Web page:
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Bell Prize goes to scientists who proved “spooky” quantum entanglement is real

Sae Woo Nam

Sae Woo Nam’s team at NIST is honored for a landmark experiment which, in conjunction with related results elsewhere, put to rest a debate about the nature of quantum reality that has persisted for eight decades. The dispute, first raised by Albert Einstein and colleagues, involves a condition called “entanglement.” The theory of quantum mechanics posits that two entangled particles can be so strongly correlated that a measurement made on one will determine the state of the other – even though the properties are inherently uncertain until the measurement is made, and even if the particles are separated so far that there is no way that one could influence the other without traveling faster than the speed of light. Einstein could not accept that idea of “spooky action at a distance,” and argued that the particles must somehow, at the moment of entanglement, take on a set of “local” properties that determine subsequent measurements.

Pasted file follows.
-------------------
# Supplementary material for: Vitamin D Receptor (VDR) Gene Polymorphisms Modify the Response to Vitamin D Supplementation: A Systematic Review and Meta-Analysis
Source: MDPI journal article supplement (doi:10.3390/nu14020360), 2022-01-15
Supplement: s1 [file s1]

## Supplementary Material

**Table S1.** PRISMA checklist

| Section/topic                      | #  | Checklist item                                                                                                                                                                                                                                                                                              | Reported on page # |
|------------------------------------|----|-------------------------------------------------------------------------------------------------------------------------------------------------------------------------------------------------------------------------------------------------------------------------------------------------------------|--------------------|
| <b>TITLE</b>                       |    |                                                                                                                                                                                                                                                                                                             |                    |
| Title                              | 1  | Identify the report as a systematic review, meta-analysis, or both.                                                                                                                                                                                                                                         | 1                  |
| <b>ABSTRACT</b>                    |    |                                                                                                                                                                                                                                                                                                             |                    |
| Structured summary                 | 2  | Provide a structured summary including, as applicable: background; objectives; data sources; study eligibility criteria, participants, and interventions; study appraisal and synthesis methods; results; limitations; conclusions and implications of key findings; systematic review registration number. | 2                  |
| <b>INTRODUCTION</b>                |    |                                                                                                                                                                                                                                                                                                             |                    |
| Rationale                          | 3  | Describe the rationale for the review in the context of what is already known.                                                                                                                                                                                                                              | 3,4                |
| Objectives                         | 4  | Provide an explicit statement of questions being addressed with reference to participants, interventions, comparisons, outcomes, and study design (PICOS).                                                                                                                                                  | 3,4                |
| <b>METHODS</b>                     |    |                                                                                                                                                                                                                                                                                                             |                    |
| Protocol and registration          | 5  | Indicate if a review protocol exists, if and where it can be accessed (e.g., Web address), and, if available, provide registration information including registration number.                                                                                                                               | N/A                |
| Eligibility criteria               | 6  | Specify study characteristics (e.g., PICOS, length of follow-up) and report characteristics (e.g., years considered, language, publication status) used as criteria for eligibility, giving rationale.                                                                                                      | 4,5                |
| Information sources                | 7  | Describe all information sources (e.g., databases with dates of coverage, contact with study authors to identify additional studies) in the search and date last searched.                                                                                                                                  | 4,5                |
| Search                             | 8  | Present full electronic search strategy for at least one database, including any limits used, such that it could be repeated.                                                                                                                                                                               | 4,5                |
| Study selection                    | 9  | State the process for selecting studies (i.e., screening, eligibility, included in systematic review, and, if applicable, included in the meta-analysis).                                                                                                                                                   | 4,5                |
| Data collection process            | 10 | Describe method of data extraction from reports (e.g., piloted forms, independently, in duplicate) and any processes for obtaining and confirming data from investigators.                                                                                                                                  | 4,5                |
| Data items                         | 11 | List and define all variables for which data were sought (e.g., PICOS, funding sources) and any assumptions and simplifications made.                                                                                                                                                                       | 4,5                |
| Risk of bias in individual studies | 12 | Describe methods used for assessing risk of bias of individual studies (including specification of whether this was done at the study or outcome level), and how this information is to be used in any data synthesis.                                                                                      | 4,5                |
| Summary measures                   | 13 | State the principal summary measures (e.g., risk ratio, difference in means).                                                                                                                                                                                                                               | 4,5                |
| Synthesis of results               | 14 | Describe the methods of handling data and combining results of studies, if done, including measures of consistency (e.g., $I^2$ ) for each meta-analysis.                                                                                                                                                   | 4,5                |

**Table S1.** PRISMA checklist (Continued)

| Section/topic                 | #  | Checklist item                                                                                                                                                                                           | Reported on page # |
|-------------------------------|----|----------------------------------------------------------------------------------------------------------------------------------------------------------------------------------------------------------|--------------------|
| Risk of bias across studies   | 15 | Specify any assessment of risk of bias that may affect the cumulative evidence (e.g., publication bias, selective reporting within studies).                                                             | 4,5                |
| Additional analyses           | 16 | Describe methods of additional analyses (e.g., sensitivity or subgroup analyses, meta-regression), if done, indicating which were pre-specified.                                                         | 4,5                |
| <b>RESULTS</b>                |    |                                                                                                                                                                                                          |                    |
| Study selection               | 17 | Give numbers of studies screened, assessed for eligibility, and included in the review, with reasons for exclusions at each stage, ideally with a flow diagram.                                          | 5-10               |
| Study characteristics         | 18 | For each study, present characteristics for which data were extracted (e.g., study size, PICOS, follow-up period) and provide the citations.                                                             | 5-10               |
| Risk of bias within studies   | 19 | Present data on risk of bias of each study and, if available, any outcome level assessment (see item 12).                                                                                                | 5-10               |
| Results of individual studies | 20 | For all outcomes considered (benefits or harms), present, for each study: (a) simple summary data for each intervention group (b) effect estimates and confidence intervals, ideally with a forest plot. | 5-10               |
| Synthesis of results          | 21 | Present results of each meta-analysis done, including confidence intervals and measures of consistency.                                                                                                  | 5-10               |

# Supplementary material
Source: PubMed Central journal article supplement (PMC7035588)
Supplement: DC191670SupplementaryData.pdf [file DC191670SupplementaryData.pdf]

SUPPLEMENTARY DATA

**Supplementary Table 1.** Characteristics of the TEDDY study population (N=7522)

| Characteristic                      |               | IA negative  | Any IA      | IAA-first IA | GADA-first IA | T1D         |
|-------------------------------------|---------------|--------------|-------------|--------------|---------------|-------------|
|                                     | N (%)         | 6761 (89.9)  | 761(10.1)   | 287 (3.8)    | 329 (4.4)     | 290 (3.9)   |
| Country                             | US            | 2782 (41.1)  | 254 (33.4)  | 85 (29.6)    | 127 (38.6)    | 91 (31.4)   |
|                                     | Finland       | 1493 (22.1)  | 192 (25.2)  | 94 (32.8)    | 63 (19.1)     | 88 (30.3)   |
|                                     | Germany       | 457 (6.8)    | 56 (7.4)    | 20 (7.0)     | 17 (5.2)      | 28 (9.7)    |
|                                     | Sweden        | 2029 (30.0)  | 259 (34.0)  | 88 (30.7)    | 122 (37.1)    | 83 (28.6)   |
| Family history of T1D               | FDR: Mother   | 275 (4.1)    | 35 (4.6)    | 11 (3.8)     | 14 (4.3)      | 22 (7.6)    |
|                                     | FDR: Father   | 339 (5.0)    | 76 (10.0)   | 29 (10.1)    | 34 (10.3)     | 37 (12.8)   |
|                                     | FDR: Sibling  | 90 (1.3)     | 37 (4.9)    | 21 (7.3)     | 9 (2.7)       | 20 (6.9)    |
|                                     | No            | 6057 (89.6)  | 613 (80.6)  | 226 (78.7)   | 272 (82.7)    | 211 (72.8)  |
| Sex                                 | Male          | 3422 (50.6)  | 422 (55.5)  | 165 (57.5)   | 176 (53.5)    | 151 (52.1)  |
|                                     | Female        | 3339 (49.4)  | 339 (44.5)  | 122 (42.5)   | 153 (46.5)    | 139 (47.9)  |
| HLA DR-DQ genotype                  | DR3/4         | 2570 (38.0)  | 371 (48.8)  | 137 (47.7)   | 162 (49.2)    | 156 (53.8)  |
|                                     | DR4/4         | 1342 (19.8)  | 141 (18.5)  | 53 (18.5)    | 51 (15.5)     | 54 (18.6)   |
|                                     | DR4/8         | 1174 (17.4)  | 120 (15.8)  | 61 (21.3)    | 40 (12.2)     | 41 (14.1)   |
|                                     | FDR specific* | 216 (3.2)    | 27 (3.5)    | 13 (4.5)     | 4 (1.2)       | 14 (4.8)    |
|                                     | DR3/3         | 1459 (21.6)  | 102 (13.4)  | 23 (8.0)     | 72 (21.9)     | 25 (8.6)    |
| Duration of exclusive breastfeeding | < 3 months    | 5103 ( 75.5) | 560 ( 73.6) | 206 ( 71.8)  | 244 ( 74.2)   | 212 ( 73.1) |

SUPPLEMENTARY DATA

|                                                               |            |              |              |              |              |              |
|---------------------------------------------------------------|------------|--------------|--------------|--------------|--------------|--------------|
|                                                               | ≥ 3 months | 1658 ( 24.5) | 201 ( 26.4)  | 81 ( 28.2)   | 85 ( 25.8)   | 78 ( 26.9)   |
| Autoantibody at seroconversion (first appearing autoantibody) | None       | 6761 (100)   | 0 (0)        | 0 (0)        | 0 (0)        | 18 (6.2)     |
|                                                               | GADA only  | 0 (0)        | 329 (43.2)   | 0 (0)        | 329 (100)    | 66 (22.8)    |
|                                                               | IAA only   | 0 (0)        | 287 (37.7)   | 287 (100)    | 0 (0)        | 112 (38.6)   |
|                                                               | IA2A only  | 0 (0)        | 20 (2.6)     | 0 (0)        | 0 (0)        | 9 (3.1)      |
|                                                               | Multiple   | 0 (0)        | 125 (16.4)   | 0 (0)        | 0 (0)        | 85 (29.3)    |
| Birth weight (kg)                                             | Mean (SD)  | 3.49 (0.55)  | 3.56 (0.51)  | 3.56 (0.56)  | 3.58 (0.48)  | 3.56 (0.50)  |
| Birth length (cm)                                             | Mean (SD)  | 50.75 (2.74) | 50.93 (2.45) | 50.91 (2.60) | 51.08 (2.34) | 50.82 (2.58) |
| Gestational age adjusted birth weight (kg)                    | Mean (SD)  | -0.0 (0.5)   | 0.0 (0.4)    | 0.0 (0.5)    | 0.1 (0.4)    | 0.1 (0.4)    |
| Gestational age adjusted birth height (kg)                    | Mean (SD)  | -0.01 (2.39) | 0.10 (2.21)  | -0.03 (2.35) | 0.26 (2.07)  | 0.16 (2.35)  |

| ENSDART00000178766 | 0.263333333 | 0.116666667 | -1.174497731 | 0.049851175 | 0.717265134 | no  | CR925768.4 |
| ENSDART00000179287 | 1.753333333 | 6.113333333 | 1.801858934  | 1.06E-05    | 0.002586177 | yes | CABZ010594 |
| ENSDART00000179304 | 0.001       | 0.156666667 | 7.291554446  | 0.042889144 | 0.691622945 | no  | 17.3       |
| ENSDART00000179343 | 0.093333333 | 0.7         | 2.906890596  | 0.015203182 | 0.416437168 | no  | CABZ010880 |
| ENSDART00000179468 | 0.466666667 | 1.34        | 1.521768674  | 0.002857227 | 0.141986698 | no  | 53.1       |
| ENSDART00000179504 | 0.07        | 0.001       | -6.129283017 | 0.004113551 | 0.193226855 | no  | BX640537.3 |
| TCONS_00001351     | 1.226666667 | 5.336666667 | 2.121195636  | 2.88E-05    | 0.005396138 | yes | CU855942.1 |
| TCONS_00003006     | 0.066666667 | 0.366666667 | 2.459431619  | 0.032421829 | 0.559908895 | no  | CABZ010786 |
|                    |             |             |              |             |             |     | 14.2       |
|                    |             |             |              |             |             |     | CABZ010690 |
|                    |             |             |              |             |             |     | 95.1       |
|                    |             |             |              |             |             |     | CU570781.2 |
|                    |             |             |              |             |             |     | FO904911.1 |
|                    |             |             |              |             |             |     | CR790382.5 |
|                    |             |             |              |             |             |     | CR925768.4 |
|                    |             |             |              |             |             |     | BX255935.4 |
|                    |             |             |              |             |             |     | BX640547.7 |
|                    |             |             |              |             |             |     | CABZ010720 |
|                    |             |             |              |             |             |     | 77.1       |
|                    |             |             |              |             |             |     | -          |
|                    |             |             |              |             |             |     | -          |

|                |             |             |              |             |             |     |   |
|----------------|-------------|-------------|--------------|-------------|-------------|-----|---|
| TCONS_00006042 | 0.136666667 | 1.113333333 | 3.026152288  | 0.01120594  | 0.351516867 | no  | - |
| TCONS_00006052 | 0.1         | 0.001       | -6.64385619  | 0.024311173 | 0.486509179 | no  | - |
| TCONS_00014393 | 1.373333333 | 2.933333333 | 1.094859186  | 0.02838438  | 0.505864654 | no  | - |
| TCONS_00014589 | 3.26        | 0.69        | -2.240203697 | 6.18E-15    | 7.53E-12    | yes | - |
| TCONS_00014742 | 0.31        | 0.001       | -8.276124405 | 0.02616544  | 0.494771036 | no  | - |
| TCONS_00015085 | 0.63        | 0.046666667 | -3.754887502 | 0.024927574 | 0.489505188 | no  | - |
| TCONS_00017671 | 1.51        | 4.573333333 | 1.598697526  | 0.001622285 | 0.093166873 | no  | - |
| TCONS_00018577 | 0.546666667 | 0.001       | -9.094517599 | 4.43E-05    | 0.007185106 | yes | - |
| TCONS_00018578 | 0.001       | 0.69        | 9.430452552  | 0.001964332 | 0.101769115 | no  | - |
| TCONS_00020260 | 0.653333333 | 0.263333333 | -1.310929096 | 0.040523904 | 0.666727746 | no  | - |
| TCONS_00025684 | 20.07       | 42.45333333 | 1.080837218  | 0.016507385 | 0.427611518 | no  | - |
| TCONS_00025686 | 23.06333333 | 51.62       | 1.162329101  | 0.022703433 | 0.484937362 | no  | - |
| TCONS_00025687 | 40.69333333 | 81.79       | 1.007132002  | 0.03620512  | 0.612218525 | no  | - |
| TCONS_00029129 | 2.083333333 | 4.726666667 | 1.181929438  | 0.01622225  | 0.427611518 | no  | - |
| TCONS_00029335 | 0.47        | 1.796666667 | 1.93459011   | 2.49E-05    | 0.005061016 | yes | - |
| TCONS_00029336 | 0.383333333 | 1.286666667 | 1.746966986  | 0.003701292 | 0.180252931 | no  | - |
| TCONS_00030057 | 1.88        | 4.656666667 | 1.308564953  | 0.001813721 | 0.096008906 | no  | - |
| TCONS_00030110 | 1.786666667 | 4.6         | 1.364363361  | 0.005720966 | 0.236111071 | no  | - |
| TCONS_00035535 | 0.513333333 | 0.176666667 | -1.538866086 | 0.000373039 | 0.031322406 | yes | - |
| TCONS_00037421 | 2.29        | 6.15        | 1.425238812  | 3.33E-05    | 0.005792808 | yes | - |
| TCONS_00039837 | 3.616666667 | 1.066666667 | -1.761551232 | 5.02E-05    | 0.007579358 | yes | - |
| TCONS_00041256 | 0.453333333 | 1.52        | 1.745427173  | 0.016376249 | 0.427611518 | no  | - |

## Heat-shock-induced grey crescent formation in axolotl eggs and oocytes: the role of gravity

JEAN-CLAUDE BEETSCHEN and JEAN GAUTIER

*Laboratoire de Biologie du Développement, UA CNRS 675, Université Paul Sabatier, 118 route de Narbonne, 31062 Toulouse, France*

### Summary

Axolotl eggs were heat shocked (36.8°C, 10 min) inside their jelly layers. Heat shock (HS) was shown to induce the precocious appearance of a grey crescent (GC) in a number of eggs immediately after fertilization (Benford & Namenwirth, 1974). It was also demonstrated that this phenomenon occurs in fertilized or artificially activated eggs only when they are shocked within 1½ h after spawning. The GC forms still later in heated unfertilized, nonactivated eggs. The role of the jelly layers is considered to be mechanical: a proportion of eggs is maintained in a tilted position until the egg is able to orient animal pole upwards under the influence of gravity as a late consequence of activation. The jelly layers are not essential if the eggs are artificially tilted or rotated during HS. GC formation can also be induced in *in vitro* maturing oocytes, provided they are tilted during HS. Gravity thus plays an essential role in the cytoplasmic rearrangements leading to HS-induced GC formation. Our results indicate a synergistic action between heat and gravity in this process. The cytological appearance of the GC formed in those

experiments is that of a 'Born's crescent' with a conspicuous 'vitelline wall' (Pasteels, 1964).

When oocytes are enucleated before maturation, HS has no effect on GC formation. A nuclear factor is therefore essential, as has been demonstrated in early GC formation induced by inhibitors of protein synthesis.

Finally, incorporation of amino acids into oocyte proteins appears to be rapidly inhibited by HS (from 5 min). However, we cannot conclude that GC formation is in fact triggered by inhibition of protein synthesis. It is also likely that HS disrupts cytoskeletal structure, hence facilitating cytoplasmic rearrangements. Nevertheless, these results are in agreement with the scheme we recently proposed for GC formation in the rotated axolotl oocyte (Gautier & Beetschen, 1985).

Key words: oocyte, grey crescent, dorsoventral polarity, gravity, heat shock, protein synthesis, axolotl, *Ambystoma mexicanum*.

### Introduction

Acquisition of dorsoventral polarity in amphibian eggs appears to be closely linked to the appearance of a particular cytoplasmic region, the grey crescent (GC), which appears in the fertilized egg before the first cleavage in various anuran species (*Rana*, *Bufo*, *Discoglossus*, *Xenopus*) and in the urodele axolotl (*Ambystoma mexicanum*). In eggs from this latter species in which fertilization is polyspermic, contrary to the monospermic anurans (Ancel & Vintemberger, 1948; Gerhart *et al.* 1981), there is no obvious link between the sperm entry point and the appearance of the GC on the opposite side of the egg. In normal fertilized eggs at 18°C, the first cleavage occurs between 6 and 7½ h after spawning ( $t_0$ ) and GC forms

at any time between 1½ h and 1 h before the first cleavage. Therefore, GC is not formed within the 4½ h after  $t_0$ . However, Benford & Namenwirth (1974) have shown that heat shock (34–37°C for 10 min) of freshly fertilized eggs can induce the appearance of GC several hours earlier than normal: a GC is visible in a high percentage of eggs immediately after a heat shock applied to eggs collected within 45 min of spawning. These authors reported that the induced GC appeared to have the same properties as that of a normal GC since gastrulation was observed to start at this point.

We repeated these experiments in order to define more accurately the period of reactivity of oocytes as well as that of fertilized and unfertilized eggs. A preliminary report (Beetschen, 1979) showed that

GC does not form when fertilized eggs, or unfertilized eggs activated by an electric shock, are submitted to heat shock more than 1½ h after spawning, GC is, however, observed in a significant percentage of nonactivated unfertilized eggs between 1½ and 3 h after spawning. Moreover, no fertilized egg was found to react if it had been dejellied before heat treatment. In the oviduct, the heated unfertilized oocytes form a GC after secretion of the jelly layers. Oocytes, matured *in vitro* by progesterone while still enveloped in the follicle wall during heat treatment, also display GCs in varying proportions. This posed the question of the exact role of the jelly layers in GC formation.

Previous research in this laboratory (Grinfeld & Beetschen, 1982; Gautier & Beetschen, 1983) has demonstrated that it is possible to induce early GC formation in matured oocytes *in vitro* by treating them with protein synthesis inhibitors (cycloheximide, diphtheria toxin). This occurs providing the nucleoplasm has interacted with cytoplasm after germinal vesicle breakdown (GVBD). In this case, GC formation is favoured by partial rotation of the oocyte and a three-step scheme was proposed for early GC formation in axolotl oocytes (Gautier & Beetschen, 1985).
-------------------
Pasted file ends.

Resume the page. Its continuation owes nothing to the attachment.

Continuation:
In the 1960s, Irish physicist John Stewart Bell devised a test to establish the existence of entanglement. And for decades, numerous such “Bell tests” produced results consistent with quantum theory. But none provided conclusive evidence because each was subject to one or more loopholes that allowed a possible alternative interpretation of the findings. But in 2015, Nam’s group – along with separate results from teams in the Netherlands and Austria --succeeded in conducting the first “loophole-free” Bell tests, thus bringing the long-standing question about entanglement to an unequivocal conclusion.


Created August 30, 2017, Updated June 24, 2020